US President Barack Obama has led the tributes to Steve Jobs, hailing him as one of America's greatest innovators, while commercial rivals also queued up to honour the Apple co-founder.
Mr Obama said in a statement: "By building one of the planet's most successful companies from his garage, he exemplified the spirit of American ingenuity. By making computers personal and putting the internet in our pockets, he made the information revolution not only accessible, but intuitive and fun."
Mr Obama went on: "The world has lost a visionary. And there may be no greater tribute to Steve's success than the fact that much of the world learned of his passing on a device he invented."
Bill Gates, the founder of rival technology company Microsoft and friend of Mr Jobs, said he would miss him "immensely". "The world rarely sees someone who has had the profound impact Steve has had, the effects of which will be felt for many generations to come," he added.
Samsung, which is locked in an intensifying smartphone patent fight with Apple, said Mr Jobs was an "innovative spirit" who will be remembered forever.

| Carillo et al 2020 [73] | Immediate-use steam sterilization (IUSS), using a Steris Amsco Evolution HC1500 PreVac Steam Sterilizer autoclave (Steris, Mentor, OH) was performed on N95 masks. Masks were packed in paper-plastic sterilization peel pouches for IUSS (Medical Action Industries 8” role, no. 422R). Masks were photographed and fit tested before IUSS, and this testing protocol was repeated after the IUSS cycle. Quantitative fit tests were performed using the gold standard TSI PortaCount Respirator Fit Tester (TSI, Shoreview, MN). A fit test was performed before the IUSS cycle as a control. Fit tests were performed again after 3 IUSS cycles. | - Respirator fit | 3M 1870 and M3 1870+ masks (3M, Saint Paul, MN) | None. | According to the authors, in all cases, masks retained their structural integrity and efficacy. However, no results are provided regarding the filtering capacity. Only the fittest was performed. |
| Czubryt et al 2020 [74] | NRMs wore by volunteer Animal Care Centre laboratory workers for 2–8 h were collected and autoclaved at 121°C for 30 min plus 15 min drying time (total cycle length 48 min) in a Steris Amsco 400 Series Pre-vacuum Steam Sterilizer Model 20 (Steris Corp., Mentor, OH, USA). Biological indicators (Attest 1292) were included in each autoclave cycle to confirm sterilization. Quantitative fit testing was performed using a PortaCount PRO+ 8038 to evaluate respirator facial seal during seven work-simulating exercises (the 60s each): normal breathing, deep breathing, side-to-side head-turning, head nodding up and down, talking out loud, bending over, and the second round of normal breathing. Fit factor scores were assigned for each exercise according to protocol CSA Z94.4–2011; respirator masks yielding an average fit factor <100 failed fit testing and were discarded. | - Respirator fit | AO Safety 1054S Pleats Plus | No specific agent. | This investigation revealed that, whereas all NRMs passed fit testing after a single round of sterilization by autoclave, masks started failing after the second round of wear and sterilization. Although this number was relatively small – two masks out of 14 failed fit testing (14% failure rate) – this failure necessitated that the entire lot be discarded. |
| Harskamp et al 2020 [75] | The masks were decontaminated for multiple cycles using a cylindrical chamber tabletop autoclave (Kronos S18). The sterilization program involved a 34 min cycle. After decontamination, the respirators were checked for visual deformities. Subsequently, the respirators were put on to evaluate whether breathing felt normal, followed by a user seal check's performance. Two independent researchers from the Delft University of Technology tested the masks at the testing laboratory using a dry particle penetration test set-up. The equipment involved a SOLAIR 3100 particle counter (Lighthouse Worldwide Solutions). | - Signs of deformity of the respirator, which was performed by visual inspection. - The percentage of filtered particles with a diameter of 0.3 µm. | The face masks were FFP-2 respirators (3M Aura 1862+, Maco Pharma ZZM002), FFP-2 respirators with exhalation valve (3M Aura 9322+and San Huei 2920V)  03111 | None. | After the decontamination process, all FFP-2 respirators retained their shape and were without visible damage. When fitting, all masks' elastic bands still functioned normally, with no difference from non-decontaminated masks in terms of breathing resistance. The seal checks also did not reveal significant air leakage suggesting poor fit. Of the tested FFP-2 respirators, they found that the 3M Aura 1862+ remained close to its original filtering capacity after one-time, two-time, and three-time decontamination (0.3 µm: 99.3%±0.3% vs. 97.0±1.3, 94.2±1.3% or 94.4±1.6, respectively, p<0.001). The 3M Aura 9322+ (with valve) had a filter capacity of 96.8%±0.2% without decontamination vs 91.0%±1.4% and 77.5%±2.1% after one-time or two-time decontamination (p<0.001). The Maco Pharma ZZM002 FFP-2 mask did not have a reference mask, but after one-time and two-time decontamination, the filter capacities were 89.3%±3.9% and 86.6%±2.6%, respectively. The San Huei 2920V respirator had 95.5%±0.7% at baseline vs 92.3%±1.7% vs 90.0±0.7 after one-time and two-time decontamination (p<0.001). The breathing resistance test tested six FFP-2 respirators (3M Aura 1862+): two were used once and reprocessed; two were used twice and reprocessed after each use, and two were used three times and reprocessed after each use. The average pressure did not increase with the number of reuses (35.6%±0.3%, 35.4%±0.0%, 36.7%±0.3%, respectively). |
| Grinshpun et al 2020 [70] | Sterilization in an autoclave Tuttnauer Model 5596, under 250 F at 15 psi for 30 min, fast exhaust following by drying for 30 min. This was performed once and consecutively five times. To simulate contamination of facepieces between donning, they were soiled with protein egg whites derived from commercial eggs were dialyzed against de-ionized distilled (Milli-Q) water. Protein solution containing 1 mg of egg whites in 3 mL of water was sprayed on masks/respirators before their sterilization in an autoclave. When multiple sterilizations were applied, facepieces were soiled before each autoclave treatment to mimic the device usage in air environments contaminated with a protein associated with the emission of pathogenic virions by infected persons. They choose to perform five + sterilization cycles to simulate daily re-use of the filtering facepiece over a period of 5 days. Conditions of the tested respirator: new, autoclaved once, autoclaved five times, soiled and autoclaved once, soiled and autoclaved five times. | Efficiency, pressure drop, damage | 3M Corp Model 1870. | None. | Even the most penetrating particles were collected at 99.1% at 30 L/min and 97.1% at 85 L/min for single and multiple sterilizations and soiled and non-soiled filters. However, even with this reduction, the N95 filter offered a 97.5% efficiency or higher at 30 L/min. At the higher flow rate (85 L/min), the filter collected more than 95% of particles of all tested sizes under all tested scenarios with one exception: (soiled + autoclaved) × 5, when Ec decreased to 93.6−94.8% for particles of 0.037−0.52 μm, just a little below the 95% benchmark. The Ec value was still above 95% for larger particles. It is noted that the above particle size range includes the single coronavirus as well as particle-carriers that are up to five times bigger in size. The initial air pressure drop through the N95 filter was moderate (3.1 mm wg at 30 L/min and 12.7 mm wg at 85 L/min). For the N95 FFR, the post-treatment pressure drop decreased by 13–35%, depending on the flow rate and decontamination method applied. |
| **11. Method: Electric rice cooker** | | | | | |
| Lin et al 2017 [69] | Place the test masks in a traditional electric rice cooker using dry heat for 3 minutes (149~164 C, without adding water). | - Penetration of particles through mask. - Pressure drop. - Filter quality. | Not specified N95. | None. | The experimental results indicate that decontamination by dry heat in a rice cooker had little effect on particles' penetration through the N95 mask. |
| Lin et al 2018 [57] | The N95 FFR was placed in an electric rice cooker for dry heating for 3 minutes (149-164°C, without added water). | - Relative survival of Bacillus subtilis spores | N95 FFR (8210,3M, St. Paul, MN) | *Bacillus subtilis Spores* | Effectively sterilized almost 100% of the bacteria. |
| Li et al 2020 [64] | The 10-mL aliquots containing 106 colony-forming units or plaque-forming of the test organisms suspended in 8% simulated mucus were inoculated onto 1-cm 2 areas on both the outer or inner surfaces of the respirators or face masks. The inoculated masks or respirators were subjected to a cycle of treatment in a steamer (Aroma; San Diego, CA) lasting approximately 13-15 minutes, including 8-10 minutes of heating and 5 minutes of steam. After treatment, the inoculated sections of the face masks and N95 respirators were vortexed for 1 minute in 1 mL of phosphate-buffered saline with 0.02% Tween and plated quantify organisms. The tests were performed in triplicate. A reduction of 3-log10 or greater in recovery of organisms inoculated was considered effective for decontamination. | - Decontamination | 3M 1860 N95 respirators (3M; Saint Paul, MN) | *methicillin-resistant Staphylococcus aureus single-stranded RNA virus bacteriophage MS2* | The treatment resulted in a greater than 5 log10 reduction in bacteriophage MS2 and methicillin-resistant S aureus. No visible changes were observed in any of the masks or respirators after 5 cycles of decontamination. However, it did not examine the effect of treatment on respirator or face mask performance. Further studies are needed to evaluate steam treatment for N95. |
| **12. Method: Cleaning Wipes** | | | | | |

Howard Stringer, the president and chief executive of Sony, whose iconic Walkman was the first choice in portable music before the iPod, said: "The digital age has lost its leading light, but Steve's innovation and creativity will inspire dreamers and thinkers for generations."
And Nokia, once the world's dominant mobile phone maker, before it was overtaken by Apple and the iPhone, also paid tribute with chief executive Stephen Elop saying: "Steve's passion for simplicity and elegance leaves a legacy that will endure."
Steve Wozniak, who started Apple with Jobs, said: "We've lost something we won't get back. The way I see it, though, the way people love products (that) he put so much into creating means he brought a lot of life to the world."
Mr Wozniak, a high school friend, last saw Jobs about three months ago, shortly after he emerged from medical leave to unveil Apple's iCloud content syncing service and the latest version of its mobile software.
Facebook founder Mark Zuckerberg wrote on his Facebook page: "Steve, thank you for being a mentor and a friend. Thanks for showing that what you build can change the world. I will miss you."